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Published: June 15th 2016
On March 7, 1945, a call came in to the Goldenrod Cafe in West Point, Nebraska. The caller, a reporter from the Omaha Herald, wanted to speak to one of the waitresses, Mrs. Mary Timmerman. He told her that her son, 2nd Lt. Karl Timmerman had just been the first man across the Remagen Bridge over the Rhine. Mrs. Timmerman was a German war bride from World War I. Her son had just become the first officer of an invading army to cross the Rhine River since Napoleon.
The Rhine River represented the last great barrier for Allied troops heading into Germany. The Rhine is a wide, deep, swift, and cold river with high bluffs for banks in most areas, and was a formidable challenge for crossing. The Germans had destroyed most of the Rhine bridges, but the Ludendorff bridge was still standing at about 1 P.M. German time when reconnaissance elements of the 9th Armored Division came to the bluff above Remagen and found the Ludendorff Bridge still standing. The Germans ordered to blow the bridge had delayed to allow as many German troops as possible to get back over the bridge before it was blown. The explosives and
detonators that had been sent to blow the bridge were of low quality, and the German lieutenant tasked with blowing the bridge was in a nearby town drunk when the Americans arrived. Immediately recognizing the opportunity, Bradley immediately ordered the armored division to take the bridge and push as much across as possible. When the Americans first started across the bridge, the Germans did manage to detonate some of the explosives, but they did not bring down the bridge and the Americans went across under withering machine gun fire and seized control, removing explosives as they went. With the failure to explode the underpinnings of the bridge and destroy it, the Germans tried everything else they had to destroy it, including infantry and armored attacks, howitzers, mortars, floating mines, mined boats, a railroad gun, a giant 540 mm super mortar, and even frogmen swimming up the river. The first tactical use of the V2 rocket was directed at the bridge, with 11 missiles falling in the area and killing 6 Americans and a larger number of German civilians, but causing no damage to the bridge. The Americans counted 367 aircraft attacking the bridge, and claimed to have shot down 30%
of them - the Americans had predicted that sort of attack and had moved to the area the largest concentration of antiaircraft guns in World War II. Ten days after its capture, the Ludendorff finally fell into the river, but by then the Americans had built alternative bridges and by the time of the American breakout from this beachhead across the Rhine on March 25 about 25,000 soldiers had gotten across with their vehicles and equipment. Both sides agreed after the war that capture of the bridge had shortened the war. In the days after its capture, those who had been delegated to blow it up were executed by Hitler's order. Today, the stone towers at each end of the bridge are about all that remains. The towers on the west side, which we visited, contain a small history museum in one tower and a peace museum in the other.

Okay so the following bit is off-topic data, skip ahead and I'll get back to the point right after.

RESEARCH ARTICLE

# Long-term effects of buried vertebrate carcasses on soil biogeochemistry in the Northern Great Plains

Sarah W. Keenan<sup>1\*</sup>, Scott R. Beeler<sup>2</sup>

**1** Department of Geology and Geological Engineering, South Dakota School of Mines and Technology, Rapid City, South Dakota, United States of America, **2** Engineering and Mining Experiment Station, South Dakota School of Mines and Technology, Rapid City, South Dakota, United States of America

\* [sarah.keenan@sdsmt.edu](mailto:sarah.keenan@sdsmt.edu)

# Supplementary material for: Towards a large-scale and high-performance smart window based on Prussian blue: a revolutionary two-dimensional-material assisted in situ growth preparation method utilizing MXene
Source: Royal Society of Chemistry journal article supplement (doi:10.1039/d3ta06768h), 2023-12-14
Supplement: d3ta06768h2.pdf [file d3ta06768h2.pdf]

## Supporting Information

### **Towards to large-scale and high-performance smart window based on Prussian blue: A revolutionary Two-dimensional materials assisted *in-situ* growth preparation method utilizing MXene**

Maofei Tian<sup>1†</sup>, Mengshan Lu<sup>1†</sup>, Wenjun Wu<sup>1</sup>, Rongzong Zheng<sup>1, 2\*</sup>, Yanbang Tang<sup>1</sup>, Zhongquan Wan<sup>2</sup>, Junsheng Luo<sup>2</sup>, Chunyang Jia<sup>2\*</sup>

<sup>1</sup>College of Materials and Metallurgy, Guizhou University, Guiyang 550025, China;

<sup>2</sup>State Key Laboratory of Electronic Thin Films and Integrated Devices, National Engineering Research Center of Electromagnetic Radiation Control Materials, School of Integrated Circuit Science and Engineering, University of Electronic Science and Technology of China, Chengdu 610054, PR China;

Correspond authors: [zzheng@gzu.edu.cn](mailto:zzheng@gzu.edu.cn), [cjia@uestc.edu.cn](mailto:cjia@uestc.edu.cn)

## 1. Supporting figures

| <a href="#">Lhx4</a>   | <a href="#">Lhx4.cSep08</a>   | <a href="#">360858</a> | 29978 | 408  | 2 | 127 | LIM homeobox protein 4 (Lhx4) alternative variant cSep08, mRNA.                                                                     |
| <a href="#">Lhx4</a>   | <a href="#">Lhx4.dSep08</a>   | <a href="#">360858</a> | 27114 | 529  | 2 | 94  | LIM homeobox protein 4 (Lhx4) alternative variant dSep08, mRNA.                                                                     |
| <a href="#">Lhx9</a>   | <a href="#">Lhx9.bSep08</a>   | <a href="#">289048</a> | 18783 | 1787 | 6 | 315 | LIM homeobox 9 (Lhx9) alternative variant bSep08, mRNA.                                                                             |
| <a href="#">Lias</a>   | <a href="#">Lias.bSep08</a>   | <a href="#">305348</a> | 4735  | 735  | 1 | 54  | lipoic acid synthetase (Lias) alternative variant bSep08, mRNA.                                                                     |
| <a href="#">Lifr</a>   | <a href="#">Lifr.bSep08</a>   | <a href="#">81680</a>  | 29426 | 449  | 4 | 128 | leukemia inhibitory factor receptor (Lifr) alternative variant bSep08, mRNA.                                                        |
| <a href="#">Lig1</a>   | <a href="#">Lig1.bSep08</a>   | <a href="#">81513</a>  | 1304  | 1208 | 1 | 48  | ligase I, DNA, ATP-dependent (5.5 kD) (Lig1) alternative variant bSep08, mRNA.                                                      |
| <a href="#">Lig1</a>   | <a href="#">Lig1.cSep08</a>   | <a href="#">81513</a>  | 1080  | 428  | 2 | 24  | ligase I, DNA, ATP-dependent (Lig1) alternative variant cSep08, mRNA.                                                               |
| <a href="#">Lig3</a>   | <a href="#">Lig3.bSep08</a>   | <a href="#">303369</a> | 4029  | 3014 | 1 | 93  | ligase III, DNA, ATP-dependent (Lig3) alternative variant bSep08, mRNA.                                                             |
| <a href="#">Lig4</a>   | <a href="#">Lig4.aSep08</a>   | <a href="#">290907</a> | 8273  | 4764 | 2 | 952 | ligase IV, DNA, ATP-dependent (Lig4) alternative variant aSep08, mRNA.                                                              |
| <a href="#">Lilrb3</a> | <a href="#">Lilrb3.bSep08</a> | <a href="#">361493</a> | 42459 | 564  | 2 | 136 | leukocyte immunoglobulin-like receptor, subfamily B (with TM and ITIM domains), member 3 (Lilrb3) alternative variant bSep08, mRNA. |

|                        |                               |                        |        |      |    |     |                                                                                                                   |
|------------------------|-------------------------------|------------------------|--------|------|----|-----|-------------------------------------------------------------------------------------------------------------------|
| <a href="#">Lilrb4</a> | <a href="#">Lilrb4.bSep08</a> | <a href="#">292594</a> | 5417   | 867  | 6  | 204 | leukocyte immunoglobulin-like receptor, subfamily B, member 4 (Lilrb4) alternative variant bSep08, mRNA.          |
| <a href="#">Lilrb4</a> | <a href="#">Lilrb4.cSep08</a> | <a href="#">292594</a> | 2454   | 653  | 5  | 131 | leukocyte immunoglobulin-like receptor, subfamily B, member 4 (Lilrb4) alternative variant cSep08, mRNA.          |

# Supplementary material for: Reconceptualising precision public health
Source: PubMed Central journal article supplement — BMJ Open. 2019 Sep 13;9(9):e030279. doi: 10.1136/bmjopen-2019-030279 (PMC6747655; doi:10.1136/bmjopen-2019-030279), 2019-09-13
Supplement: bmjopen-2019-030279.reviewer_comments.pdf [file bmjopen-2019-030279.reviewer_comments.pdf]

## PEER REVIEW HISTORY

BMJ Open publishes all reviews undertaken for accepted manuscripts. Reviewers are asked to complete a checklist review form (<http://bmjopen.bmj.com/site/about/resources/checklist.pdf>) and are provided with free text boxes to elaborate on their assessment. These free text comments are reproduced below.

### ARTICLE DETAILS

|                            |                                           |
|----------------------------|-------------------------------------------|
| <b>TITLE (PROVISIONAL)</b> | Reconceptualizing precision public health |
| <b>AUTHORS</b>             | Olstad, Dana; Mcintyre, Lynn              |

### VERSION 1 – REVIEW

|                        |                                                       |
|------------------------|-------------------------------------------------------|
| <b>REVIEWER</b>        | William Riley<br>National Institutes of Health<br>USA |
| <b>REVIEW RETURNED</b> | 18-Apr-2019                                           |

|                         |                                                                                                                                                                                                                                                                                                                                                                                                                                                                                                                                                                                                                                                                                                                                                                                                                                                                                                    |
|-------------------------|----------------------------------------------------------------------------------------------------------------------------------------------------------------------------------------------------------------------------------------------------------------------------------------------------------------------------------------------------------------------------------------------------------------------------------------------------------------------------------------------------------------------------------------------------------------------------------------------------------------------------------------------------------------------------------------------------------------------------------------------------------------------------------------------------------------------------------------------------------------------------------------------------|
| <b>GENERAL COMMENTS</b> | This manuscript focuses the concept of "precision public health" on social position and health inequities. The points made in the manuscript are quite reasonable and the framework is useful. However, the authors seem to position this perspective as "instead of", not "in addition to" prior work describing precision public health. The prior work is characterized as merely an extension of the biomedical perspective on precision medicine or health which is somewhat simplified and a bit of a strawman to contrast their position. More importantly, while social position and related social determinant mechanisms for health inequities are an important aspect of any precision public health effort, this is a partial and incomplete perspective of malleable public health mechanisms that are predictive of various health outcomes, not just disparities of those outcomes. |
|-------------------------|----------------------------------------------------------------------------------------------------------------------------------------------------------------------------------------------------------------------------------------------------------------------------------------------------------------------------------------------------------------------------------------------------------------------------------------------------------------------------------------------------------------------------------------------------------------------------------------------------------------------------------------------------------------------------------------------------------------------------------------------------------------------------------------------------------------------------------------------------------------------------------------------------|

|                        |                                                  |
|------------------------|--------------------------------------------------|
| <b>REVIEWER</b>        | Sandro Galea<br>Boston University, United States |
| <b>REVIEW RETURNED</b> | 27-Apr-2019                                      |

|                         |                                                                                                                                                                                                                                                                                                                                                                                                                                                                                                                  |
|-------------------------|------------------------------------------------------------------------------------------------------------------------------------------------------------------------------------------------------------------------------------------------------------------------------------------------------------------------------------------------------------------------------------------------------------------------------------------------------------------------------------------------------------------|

The Wormser Dom is a large church in Worms that was once the cathedral of the Bishopric of Worms, but is now simply a parish church. The edifice was consecrated in 1110, but some parts of the current building date back "only" to the 14th century. It was the
site of the coronation of Leo IX in 1048, the Concordat of Worms which ended the investiture controversy (whether local clergy and bishops were to be named by the church officials or by the Pope) in 1122, and the marriage of Ferdinand II to Isabella of England in 1235, but is probably best known for the Diet of Worms (I just love that name with its rich culinary reference) which denounced Martin Luther as a heretic in April 1521. He was asked whether he would recant the "heresies" in 25 of his books. He is reported to have said: "Unless I am convinced by the testimony of the Scriptures or by clear reason (for I do not trust either in the pope or in councils alone, since it is well known that they have often erred and contradicted themselves), I am bound by the Scriptures I have quoted and my conscience is captive to the Word of God. I cannot and will not recant anything, since it is neither safe nor right to go against conscience. May God help me. Amen."
He was condemned as a heretic and was to be arrested, but was taken in by Prince Frederick
and given haven at Warburg Castle, where he began working on his German translation of the Bible. For a variety of mostly political reasons, he was never prosecuted for heresy, but two of his Augustinian followers were burned at the stake for heresy in Brussels in 1522.
When you visit the church today, it is probably much as it was in the time of Luther, but we found no reference to the events in the church.
We ended the day in Heidelberg drinking beer, eating currywurst, and just relaxing following an abortive attempt to visit the Christuskirche (it was close), the church where Patton's funeral service was held.
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